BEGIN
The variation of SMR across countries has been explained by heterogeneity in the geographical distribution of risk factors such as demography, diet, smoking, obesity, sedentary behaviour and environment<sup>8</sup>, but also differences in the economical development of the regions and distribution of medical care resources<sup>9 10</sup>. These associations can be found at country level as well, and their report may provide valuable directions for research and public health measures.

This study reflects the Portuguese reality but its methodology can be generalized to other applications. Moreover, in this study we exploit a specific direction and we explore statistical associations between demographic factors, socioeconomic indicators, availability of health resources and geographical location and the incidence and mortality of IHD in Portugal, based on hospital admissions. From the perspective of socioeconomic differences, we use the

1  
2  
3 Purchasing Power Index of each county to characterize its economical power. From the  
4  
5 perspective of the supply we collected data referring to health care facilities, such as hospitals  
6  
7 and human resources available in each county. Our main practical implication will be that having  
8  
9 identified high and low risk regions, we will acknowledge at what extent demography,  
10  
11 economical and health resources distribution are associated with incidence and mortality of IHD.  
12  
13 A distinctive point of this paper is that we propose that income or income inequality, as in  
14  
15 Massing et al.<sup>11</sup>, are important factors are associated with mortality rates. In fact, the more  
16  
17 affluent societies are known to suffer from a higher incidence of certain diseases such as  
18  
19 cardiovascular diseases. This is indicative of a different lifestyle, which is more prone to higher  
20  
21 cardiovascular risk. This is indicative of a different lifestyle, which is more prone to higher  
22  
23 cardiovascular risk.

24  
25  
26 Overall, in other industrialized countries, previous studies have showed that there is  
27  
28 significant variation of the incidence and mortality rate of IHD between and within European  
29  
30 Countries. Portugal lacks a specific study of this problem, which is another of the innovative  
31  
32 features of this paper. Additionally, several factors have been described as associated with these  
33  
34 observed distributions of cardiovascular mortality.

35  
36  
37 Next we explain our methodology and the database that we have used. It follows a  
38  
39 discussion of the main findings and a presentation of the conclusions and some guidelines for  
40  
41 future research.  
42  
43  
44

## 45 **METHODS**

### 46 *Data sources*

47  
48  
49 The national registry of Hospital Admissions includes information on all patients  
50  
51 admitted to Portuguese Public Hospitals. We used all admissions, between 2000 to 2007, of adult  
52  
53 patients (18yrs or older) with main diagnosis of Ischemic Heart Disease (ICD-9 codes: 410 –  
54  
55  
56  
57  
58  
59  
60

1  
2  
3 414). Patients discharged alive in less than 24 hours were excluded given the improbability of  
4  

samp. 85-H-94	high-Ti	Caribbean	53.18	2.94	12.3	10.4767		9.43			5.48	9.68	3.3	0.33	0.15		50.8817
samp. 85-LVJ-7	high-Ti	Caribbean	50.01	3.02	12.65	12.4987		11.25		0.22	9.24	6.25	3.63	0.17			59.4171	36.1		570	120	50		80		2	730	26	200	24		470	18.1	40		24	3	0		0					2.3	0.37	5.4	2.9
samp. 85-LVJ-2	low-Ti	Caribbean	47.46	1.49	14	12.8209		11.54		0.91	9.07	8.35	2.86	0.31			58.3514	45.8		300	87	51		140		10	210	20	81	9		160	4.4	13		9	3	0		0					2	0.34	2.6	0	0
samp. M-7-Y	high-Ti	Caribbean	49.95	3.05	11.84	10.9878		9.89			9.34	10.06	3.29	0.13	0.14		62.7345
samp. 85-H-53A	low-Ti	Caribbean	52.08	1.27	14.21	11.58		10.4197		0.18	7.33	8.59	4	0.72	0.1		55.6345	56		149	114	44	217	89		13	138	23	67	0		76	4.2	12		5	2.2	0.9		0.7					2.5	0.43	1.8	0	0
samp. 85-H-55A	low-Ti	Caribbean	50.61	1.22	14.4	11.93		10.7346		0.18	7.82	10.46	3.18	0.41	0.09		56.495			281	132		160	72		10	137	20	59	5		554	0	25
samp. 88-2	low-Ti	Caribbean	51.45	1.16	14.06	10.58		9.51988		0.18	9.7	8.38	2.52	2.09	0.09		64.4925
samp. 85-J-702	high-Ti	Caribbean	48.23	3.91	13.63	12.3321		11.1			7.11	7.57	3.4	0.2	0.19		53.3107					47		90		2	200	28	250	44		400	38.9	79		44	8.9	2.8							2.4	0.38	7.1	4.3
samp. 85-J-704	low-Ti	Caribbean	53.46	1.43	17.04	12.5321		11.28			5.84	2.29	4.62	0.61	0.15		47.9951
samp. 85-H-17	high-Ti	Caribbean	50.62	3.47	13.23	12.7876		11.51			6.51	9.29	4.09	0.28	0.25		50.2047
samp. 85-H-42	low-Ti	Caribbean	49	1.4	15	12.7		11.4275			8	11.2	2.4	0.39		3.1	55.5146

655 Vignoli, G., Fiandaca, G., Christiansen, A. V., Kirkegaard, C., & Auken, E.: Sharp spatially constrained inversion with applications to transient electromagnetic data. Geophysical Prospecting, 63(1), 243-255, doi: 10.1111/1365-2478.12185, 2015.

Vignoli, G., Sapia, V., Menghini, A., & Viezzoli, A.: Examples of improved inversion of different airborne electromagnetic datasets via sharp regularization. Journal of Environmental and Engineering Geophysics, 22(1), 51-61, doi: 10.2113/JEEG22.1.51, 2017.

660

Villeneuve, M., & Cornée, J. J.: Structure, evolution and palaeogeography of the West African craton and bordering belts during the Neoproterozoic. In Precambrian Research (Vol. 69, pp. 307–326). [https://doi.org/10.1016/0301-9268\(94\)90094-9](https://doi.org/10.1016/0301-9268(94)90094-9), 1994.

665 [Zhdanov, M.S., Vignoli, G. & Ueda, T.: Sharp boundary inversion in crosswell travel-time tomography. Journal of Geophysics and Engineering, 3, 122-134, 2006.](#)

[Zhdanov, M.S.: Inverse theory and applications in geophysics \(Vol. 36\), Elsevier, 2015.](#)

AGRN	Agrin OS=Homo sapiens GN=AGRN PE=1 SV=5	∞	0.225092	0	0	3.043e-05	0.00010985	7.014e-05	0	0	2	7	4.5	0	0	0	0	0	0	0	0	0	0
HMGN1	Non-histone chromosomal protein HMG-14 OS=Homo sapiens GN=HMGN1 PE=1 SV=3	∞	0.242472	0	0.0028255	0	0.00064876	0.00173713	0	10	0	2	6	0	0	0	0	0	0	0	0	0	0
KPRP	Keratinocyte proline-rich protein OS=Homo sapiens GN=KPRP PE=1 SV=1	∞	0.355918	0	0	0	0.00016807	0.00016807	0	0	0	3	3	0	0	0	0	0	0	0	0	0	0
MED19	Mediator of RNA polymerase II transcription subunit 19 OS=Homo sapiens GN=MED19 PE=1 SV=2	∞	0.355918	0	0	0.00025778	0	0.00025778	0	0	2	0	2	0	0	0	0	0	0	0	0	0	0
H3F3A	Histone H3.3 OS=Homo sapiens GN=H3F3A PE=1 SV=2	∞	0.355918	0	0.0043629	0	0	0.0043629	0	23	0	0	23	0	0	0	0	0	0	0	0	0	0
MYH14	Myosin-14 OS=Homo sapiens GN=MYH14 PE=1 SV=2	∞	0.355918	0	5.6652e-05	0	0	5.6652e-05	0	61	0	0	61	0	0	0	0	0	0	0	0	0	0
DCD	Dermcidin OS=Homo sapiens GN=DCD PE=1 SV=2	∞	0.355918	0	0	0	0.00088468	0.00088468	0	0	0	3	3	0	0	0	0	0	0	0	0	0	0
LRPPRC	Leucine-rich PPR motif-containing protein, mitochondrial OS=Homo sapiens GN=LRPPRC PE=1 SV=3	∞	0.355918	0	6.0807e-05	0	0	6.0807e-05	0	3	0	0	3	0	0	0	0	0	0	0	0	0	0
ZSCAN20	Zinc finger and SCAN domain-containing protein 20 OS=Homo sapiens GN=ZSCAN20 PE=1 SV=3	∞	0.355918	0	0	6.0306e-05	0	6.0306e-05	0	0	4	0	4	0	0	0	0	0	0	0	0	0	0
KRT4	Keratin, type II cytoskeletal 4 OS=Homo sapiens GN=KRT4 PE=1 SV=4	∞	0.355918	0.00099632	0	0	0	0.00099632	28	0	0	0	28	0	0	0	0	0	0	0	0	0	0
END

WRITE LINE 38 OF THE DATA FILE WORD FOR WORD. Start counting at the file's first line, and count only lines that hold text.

36  